The topic of Google’s standpoint with regards to automated content is discussed in several recent SEO industry publication articles (e g this and this), which often refer to Google’s Search Advocate John Mueller. Both Mueller, and the articles in which he’s quoted, focus on automated content generated by probabilistic machine learning algorithms in language models such as GPT-2 or GPT-3 in this context.

This is not how United Robots’ tech works – we do not use machine learning models to generate text. Our texts are based on one or more sets of structured data, and are then generated using a sophisticated system of templates. 

  • All the language segments in our robots were originally written by a human. We do not even use automated translations – if a robot is being built in a new language, that work is done by human translators.
  • The texts are based on quality structured data from highly trustworthy providers; authorities, organisations and companies.
Intent – for readers, not ranking

In their Guidelines, Google provides a  list of examples of instances where automated content is “ intended to manipulate search rankings and not help users.” 

What United Robots does is generate automated content of high enough quality for journalistic outlets to actually pay for and publish it. The purpose of our automated content is to provide value to readers – that’s the fundamental business of our partner publishers, whether they focus on an advertising or reader revenue based business model.

Detection – can Google spot the robot?

As stated earlier, it’s not possible to know to what extent Google is able to detect whether a text was programmatically generated. Indeed, Search Advocate John Mueller, when asked, says he “cannot claim” they can.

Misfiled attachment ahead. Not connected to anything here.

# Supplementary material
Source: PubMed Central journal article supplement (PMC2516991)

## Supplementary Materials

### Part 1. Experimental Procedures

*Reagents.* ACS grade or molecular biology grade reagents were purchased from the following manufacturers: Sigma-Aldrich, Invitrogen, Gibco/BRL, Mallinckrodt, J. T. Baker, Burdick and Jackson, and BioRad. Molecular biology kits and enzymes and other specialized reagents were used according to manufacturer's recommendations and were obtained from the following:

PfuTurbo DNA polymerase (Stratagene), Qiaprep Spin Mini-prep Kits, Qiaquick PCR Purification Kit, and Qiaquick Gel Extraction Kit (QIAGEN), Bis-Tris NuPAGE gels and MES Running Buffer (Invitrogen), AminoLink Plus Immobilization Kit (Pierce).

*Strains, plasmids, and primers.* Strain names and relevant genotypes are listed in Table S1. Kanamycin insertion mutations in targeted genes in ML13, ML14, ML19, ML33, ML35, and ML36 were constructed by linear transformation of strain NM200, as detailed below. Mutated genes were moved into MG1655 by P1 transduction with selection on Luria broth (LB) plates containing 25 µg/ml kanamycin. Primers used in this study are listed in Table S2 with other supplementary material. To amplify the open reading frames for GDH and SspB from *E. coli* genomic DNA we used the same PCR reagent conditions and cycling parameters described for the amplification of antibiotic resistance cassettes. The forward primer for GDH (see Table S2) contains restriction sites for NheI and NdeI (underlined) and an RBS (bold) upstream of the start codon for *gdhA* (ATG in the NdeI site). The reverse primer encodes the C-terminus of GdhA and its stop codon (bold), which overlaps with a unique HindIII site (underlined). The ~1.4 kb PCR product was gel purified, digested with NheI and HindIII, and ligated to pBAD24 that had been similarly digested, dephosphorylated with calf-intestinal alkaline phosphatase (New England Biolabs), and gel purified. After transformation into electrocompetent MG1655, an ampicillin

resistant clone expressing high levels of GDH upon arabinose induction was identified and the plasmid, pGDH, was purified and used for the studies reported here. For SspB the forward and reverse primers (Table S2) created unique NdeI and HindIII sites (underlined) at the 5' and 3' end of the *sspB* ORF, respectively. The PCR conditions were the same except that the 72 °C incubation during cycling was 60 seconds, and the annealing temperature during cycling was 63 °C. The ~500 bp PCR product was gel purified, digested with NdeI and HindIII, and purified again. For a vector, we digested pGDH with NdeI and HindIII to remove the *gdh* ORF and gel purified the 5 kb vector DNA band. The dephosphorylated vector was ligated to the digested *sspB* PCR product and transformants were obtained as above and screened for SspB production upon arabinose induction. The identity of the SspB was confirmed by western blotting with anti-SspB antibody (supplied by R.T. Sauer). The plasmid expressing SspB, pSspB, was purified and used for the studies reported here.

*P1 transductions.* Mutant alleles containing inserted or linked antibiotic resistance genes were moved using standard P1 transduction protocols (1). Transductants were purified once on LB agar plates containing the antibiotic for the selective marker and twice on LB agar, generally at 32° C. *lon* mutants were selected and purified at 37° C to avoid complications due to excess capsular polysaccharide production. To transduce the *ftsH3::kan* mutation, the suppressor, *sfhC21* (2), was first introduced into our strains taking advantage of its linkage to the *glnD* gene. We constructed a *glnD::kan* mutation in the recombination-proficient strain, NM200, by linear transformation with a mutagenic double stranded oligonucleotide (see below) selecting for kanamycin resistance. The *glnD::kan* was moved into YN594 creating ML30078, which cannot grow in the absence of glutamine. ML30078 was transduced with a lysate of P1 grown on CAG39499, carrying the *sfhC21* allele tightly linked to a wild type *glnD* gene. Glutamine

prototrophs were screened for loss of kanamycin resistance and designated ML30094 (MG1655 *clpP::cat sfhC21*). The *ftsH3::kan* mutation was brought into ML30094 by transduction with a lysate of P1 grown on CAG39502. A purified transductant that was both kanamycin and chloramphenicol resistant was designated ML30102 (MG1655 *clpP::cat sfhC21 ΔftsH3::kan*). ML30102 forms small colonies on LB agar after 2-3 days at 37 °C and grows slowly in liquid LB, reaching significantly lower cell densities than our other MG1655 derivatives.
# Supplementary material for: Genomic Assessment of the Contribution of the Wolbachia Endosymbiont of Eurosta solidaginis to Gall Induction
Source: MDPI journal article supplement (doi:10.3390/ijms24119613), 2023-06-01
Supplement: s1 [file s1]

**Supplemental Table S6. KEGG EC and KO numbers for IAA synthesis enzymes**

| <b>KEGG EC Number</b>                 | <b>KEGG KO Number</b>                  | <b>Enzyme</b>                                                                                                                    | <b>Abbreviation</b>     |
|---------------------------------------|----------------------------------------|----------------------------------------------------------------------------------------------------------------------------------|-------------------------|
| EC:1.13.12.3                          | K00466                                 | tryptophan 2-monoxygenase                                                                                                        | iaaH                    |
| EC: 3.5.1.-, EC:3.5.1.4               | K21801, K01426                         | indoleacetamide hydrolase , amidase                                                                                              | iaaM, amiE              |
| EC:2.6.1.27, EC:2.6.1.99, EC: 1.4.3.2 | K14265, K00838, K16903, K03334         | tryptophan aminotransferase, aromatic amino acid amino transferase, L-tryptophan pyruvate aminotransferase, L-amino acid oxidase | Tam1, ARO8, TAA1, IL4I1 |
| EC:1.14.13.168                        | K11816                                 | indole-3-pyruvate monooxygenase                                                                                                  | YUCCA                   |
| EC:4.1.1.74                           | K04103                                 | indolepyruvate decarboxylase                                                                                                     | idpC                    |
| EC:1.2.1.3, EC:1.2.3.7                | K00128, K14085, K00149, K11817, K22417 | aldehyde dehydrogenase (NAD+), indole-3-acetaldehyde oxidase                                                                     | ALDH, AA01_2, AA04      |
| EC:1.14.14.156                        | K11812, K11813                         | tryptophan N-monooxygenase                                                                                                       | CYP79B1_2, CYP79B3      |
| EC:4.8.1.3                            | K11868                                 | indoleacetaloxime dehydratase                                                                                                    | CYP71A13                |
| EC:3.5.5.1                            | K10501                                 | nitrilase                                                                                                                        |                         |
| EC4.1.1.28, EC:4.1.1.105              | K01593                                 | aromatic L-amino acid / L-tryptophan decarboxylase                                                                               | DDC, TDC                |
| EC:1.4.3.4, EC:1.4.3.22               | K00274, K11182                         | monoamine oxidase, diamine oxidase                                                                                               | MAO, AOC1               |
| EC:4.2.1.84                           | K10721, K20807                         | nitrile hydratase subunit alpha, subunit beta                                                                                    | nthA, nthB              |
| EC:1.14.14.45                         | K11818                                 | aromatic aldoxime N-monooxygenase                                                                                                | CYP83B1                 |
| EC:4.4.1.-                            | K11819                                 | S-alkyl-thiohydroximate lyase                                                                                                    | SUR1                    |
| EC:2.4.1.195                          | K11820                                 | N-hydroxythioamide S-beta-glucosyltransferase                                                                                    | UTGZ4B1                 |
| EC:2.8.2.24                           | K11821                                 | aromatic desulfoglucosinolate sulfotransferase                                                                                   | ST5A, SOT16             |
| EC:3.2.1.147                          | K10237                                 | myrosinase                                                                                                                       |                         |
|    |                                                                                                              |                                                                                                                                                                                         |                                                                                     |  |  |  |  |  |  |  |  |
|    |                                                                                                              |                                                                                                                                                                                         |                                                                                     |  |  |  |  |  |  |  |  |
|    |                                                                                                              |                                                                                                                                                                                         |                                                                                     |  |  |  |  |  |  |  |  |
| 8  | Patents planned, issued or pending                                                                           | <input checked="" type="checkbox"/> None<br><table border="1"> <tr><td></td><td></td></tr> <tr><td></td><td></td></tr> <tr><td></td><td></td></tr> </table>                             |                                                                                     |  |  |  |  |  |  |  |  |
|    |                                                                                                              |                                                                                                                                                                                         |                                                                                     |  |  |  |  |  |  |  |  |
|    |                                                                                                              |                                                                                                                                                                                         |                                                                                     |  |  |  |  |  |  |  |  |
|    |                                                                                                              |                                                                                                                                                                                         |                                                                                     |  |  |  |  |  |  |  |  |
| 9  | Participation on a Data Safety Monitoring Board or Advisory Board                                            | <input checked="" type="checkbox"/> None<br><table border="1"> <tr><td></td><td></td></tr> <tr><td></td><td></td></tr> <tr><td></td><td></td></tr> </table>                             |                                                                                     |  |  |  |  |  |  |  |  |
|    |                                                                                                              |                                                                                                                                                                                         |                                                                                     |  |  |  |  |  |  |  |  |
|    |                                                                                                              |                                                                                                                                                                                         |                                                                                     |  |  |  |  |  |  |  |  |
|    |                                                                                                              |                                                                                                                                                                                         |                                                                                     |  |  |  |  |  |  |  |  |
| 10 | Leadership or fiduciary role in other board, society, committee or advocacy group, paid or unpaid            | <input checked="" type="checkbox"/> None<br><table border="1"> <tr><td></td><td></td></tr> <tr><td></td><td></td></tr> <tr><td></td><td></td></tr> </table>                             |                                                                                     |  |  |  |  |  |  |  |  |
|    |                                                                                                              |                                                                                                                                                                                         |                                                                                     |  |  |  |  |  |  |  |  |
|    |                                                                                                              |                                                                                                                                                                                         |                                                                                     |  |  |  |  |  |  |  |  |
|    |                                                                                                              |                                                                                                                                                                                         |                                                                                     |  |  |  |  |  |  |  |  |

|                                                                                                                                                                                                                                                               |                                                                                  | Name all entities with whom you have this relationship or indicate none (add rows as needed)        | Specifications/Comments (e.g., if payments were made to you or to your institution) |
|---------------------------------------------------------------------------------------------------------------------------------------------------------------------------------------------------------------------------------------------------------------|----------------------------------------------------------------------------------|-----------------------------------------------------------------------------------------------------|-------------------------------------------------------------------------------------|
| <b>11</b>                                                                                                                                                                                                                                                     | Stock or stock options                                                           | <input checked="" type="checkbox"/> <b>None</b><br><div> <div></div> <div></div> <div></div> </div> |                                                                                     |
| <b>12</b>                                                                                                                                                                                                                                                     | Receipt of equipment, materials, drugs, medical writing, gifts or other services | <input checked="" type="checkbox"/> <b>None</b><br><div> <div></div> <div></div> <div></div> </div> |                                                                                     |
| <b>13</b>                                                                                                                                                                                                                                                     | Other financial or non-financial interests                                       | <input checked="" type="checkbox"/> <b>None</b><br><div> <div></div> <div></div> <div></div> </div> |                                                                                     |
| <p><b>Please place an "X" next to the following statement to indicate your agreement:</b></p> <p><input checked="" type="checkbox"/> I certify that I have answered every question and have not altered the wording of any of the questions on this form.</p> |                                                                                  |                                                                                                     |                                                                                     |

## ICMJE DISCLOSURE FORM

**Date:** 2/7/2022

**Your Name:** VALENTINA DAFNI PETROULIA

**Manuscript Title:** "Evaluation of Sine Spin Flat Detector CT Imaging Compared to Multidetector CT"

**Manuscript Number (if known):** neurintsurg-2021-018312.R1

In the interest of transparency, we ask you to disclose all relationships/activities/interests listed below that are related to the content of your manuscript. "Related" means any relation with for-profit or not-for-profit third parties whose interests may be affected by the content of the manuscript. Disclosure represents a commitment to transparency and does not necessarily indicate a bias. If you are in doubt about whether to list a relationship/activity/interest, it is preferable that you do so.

But in order to gain some kind of proof of quality for our automated content, we ran some of our real estate texts (published by the Sacramento Bee / McClatchy) through the browser extension GPTrue or False, which displays the likelihood that selected portions of text were generated by GPT-2. In other words: the likelihood that they were generated through the type of programmatic method which Google keeps referring to when discussing this topic.

The result: “According to the detector, there is a 97.77% chance that the selected text [was] written by a human.” 

(This was the result, despite the fact that each text carried the byline “Written by the SacBee Bot”)

Quality – it's what matters

It is reasonable to believe that it will (continue to) be the quality of any content, whether manually or programmatically produced, that will determine its value in the eyes of the search engines. We believe the combination of trustworthy data and language created by humans, is a quality guarantor for United Robots’ automated texts in this context.

Indeed, Google is itself actively supporting initiatives in the news industry, which combine data and text templates to create valuable information to consumers. The Google News Initiative has been involved in the funding of projects such as CrossTownLA and the UK Press Association’s RADAR